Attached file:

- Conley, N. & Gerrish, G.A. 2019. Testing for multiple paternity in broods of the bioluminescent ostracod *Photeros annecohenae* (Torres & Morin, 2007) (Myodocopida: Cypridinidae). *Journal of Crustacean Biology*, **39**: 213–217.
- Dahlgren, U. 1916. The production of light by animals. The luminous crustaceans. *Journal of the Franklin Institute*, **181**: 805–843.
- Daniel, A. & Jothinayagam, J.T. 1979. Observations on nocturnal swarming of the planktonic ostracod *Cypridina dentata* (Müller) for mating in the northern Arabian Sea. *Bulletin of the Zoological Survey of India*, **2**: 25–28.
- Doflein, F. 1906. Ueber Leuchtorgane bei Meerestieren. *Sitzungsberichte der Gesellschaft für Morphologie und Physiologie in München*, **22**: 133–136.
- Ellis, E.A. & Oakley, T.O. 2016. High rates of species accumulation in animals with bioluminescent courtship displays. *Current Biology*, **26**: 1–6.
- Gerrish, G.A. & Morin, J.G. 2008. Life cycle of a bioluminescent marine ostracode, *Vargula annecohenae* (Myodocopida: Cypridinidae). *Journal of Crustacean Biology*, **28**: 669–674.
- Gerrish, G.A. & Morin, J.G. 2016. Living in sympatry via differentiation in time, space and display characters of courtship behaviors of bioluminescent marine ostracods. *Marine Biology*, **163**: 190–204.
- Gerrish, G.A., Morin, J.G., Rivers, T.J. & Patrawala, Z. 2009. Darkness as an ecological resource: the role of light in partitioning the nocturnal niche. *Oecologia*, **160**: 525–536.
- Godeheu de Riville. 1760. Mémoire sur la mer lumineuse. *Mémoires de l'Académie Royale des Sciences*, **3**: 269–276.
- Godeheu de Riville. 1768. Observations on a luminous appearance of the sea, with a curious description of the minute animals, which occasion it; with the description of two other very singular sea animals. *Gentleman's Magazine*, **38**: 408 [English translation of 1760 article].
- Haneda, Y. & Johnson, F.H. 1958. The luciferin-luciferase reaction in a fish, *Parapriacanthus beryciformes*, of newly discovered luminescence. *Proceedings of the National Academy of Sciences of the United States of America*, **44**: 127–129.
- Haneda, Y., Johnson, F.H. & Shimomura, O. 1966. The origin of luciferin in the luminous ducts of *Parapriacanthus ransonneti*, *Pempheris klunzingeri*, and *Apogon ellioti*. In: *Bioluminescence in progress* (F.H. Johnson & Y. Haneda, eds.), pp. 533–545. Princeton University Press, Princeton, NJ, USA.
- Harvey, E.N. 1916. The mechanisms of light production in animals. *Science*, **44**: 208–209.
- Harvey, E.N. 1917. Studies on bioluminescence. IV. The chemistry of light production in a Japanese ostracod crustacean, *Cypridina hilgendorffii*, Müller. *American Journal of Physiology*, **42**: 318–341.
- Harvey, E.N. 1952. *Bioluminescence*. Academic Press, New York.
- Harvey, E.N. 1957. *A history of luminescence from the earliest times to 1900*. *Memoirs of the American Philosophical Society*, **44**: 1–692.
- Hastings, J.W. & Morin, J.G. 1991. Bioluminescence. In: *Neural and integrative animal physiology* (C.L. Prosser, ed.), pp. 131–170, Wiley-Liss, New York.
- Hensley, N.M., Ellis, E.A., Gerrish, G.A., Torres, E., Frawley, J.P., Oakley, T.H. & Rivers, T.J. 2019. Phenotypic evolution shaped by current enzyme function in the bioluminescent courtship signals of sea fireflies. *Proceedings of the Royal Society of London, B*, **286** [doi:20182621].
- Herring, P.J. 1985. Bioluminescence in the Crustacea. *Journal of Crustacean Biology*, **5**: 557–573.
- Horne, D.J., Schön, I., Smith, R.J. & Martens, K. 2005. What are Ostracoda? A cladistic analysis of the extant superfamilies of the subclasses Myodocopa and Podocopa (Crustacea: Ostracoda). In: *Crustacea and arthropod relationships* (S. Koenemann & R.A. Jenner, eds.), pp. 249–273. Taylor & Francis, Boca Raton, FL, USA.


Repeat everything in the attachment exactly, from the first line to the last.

- Conley, N. & Gerrish, G.A. 2019. Testing for multiple paternity in broods of the bioluminescent ostracod *Photeros annecohenae* (Torres & Morin, 2007) (Myodocopida: Cypridinidae). *Journal of Crustacean Biology*, **39**: 213–217.
- Dahlgren, U. 1916. The production of light by animals. The luminous crustaceans. *Journal of the Franklin Institute*, **181**: 805–843.
- Daniel, A. & Jothinayagam, J.T. 1979. Observations on nocturnal swarming of the planktonic ostracod *Cypridina dentata* (Müller) for mating in the northern Arabian Sea. *Bulletin of the Zoological Survey of India*, **2**: 25–28.
- Doflein, F. 1906. Ueber Leuchtorgane bei Meerestieren. *Sitzungsberichte der Gesellschaft für Morphologie und Physiologie in München*, **22**: 133–136.
- Ellis, E.A. & Oakley, T.O. 2016. High rates of species accumulation in animals with bioluminescent courtship displays. *Current Biology*, **26**: 1–6.
- Gerrish, G.A. & Morin, J.G. 2008. Life cycle of a bioluminescent marine ostracode, *Vargula annecohenae* (Myodocopida: Cypridinidae). *Journal of Crustacean Biology*, **28**: 669–674.
- Gerrish, G.A. & Morin, J.G. 2016. Living in sympatry via differentiation in time, space and display characters of courtship behaviors of bioluminescent marine ostracods. *Marine Biology*, **163**: 190–204.
- Gerrish, G.A., Morin, J.G., Rivers, T.J. & Patrawala, Z. 2009. Darkness as an ecological resource: the role of light in partitioning the nocturnal niche. *Oecologia*, **160**: 525–536.
- Godeheu de Riville. 1760. Mémoire sur la mer lumineuse. *Mémoires de l'Académie Royale des Sciences*, **3**: 269–276.
- Godeheu de Riville. 1768. Observations on a luminous appearance of the sea, with a curious description of the minute animals, which occasion it; with the description of two other very singular sea animals. *Gentleman's Magazine*, **38**: 408 [English translation of 1760 article].
- Haneda, Y. & Johnson, F.H. 1958. The luciferin-luciferase reaction in a fish, *Parapriacanthus beryciformes*, of newly discovered luminescence. *Proceedings of the National Academy of Sciences of the United States of America*, **44**: 127–129.
- Haneda, Y., Johnson, F.H. & Shimomura, O. 1966. The origin of luciferin in the luminous ducts of *Parapriacanthus ransonneti*, *Pempheris klunzingeri*, and *Apogon ellioti*. In: *Bioluminescence in progress* (F.H. Johnson & Y. Haneda, eds.), pp. 533–545. Princeton University Press, Princeton, NJ, USA.
- Harvey, E.N. 1916. The mechanisms of light production in animals. *Science*, **44**: 208–209.
- Harvey, E.N. 1917. Studies on bioluminescence. IV. The chemistry of light production in a Japanese ostracod crustacean, *Cypridina hilgendorffii*, Müller. *American Journal of Physiology*, **42**: 318–341.
- Harvey, E.N. 1952. *Bioluminescence*. Academic Press, New York.
- Harvey, E.N. 1957. *A history of luminescence from the earliest times to 1900*. *Memoirs of the American Philosophical Society*, **44**: 1–692.
- Hastings, J.W. & Morin, J.G. 1991. Bioluminescence. In: *Neural and integrative animal physiology* (C.L. Prosser, ed.), pp. 131–170, Wiley-Liss, New York.
- Hensley, N.M., Ellis, E.A., Gerrish, G.A., Torres, E., Frawley, J.P., Oakley, T.H. & Rivers, T.J. 2019. Phenotypic evolution shaped by current enzyme function in the bioluminescent courtship signals of sea fireflies. *Proceedings of the Royal Society of London, B*, **286** [doi:20182621].
- Herring, P.J. 1985. Bioluminescence in the Crustacea. *Journal of Crustacean Biology*, **5**: 557–573.
- Horne, D.J., Schön, I., Smith, R.J. & Martens, K. 2005. What are Ostracoda? A cladistic analysis of the extant superfamilies of the subclasses Myodocopa and Podocopa (Crustacea: Ostracoda). In: *Crustacea and arthropod relationships* (S. Koenemann & R.A. Jenner, eds.), pp. 249–273. Taylor & Francis, Boca Raton, FL, USA.